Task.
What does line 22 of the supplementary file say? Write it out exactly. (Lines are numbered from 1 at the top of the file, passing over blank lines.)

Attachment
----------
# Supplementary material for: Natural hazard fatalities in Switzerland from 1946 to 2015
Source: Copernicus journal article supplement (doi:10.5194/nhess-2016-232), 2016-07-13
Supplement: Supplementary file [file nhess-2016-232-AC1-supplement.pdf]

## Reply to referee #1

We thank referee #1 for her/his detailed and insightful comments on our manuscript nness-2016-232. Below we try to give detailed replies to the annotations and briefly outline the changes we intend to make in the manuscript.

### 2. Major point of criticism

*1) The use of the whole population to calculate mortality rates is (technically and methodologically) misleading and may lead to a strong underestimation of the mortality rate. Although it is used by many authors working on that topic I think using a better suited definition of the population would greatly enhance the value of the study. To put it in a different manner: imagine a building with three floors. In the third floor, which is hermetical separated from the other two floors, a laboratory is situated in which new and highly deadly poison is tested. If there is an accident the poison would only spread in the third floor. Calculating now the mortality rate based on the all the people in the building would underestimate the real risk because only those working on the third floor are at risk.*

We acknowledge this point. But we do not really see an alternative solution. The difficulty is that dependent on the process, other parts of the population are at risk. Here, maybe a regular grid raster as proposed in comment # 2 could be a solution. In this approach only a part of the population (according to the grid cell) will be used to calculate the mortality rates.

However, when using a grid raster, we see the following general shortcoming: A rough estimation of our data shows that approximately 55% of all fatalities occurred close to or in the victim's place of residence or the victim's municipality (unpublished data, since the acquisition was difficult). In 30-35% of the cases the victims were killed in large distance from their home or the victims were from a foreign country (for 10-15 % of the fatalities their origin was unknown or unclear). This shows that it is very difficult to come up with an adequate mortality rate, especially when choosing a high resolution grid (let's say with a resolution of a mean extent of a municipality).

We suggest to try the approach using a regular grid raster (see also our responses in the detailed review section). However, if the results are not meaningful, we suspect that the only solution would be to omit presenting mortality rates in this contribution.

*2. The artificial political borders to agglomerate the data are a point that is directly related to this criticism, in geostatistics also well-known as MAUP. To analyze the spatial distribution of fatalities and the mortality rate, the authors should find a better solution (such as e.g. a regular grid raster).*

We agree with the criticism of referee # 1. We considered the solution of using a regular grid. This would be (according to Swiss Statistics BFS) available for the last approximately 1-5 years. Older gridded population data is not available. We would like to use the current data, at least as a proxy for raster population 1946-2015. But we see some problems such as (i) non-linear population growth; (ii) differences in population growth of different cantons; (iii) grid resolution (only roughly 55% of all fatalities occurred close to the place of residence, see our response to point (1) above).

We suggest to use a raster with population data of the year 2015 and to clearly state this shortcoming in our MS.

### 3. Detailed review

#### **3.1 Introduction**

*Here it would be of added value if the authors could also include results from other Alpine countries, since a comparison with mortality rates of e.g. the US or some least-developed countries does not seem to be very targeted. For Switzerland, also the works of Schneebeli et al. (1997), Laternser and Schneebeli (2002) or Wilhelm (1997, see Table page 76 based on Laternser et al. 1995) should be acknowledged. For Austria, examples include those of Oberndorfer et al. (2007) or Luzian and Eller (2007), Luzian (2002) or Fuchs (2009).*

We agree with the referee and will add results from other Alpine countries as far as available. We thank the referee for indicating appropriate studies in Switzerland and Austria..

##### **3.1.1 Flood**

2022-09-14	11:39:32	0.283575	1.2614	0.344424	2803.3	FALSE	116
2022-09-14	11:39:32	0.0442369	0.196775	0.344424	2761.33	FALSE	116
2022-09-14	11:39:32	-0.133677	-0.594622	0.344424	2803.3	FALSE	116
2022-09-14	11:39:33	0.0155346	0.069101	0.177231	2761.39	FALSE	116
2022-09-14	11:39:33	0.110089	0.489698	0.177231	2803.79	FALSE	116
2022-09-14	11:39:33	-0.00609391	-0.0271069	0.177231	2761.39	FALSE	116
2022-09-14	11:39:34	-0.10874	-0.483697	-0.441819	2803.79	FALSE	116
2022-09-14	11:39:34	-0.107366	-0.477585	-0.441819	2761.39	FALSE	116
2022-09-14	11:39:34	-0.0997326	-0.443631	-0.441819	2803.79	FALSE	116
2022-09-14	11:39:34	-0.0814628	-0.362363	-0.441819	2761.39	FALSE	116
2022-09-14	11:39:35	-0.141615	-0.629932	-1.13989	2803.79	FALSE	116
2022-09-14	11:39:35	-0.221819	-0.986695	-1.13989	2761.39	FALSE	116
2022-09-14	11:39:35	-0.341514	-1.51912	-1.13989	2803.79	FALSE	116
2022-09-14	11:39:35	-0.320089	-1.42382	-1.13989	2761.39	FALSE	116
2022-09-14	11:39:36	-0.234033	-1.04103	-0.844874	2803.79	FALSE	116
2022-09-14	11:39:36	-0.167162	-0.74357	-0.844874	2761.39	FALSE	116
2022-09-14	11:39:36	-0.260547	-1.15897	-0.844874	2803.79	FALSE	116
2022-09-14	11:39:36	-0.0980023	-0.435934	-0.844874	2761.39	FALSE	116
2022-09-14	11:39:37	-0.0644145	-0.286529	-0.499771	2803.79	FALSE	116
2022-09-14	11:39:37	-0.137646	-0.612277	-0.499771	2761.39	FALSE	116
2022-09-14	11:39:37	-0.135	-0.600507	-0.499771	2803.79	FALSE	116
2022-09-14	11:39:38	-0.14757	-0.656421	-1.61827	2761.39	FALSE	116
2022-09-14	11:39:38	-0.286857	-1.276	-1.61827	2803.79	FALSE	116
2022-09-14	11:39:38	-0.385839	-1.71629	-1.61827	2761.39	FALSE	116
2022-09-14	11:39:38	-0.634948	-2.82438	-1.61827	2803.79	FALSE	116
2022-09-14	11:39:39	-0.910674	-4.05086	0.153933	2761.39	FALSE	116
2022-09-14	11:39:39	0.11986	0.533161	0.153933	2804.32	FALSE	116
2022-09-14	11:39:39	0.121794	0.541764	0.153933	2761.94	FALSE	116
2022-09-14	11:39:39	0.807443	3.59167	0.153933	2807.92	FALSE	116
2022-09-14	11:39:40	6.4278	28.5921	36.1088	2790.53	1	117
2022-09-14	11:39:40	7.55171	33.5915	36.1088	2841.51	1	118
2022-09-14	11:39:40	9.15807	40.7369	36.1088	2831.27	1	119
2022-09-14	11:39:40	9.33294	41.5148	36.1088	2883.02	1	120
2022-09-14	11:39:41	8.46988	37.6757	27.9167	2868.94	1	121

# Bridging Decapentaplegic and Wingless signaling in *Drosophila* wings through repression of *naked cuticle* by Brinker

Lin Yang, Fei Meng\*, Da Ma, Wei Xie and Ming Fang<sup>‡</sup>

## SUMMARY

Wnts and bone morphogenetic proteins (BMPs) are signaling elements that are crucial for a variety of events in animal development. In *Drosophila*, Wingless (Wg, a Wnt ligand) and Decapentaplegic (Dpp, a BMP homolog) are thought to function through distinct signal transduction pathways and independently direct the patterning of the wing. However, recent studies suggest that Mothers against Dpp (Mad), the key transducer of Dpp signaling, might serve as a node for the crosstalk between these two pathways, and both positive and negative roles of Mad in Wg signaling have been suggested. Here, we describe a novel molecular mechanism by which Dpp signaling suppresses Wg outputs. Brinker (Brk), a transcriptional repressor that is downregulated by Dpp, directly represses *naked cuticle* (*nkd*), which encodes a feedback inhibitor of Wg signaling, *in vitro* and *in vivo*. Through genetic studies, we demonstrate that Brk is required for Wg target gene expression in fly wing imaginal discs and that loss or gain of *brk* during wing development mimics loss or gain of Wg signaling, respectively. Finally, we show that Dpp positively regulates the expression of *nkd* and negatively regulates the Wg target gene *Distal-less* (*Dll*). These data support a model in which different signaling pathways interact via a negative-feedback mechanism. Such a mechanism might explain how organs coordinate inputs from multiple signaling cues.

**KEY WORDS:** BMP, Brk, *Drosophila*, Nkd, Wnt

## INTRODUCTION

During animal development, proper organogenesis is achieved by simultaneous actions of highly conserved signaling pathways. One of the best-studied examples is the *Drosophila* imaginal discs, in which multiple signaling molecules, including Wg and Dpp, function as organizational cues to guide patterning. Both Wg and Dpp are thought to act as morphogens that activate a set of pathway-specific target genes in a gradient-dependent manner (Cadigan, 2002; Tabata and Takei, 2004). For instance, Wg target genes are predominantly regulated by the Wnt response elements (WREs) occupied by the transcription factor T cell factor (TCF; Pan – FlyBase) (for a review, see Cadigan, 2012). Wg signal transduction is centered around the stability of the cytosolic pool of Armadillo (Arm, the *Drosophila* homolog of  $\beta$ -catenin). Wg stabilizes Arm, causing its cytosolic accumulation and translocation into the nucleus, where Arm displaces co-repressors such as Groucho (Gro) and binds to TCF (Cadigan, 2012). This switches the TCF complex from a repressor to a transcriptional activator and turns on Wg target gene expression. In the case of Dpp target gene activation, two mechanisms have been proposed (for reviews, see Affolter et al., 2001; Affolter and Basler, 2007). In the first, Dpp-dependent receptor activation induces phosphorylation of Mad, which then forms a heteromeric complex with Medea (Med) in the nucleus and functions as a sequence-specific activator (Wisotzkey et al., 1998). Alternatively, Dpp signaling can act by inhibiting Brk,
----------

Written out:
2022-09-14	11:39:33	0.0155346	0.069101	0.177231	2761.39	FALSE	116